• Weaker historical returns increase the likelihood of stronger future returns. The local equity market moved sideways in real terms over the past four years, while the earnings of the underlying companies have continued to grow. This means that valuation levels are more attractive today than they were four or five years ago, making it realistic to expect better returns over the next five to ten years.

We remain of the view that as long as you own a fund with an objective, time horizon and risk budget appropriate to your needs, it makes sense to stay the course in your existing investment.

INVESTORS DRAWING AN INCOME SHOULD CONSIDER MODERATING INCREASES IN 2017

More conservative multi-asset funds such as Capital Plus and Balanced Defensive returned 6% to 7% per annum over the past three years, compared to an expected outcome of somewhere in the 9% to 10% range. Lower returns present investors requiring a growing income from their portfolios with tough choices.

The key challenge to get right is to balance immediate spending requirements with future quality of life. Drawdown strategies are more sustainable when you are able to defer some of your spending to periods following better investment returns. If you are still in the first half of retirement, the prudent response in the current environment would be a moderation in the income withdrawal rate from your portfolio, potentially deferring this year’s increase in your drawdown rate. With inflation for 2017 expected to ease somewhat, investors may be in a better position to achieve this outcome. You can read more about retirement income trade-offs in the Corolab Investment Guide: The Income & Growth Challenge available in the Publications section of our website.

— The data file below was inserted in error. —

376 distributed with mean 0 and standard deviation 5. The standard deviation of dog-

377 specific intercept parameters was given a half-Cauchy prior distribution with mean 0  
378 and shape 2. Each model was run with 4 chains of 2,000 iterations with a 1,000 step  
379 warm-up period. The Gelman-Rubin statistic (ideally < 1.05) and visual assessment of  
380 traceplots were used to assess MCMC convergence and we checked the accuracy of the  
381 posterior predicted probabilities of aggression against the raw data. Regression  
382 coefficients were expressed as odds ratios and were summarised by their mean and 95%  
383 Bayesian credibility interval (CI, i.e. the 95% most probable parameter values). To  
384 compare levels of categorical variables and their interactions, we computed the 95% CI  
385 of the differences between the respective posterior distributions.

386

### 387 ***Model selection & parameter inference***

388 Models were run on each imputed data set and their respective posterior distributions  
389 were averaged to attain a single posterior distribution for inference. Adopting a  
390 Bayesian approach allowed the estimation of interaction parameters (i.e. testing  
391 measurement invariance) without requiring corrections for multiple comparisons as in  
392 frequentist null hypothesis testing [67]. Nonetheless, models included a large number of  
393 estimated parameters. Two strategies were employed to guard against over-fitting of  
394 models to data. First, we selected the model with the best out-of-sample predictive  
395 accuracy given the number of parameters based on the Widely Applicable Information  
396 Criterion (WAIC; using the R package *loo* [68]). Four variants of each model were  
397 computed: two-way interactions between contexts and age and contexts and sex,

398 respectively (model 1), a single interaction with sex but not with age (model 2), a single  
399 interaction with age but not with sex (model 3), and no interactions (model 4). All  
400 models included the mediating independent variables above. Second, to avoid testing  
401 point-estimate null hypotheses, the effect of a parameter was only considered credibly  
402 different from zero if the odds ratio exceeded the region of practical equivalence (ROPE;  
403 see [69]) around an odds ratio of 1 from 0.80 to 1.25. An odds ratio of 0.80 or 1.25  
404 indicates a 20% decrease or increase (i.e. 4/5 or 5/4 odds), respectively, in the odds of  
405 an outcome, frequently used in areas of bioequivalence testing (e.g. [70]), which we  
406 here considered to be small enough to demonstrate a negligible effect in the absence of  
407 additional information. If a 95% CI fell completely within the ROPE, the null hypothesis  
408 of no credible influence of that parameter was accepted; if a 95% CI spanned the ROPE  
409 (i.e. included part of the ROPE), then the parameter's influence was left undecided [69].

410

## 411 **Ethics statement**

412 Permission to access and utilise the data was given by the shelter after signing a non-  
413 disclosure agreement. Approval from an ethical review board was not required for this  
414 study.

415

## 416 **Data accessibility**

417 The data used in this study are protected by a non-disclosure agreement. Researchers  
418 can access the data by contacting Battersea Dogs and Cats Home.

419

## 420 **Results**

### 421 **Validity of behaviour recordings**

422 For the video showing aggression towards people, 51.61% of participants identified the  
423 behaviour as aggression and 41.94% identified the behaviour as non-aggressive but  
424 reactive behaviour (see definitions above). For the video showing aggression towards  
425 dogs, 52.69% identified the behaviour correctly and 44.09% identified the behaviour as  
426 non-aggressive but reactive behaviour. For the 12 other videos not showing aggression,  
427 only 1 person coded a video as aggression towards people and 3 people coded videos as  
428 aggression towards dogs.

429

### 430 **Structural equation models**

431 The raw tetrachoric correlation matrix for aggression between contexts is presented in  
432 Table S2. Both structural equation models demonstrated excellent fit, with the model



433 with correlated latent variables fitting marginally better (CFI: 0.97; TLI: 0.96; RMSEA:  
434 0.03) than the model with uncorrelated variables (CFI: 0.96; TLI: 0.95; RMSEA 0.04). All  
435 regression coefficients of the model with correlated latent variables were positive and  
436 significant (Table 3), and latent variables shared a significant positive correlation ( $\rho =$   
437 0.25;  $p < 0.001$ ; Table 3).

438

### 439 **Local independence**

TAXES ARE LIKELY TO BE INCREASED FURTHER IN 2017

National Treasury is on record as again planning to increase taxes in the 2017/2018 tax year. Given political and competitive constraints, it is unlikely that the additional tax can be raised through increases in value-added tax or the company tax rate. While new and/or higher indirect taxes, closing loopholes and tightening the tax net may help, it is likely that the personal income tax system will bear a significant share of the load, as was the case in the preceding two budgets.

The table below shows how the effective rate of tax has changed over the last three years for different levels of taxable income. We can expect a similar increase across the income spectrum in the next tax year. It is also likely that very high income earners (taxable income above R1 million) may be impacted by a higher marginal rate. Judge Dennis Davis, the chair of a tax reform committee, has suggested that this rate may be 45%.

 

TAX ALLOWANCES FOR INVESTORS

As a reminder, investors qualify for the following investment-related tax breaks: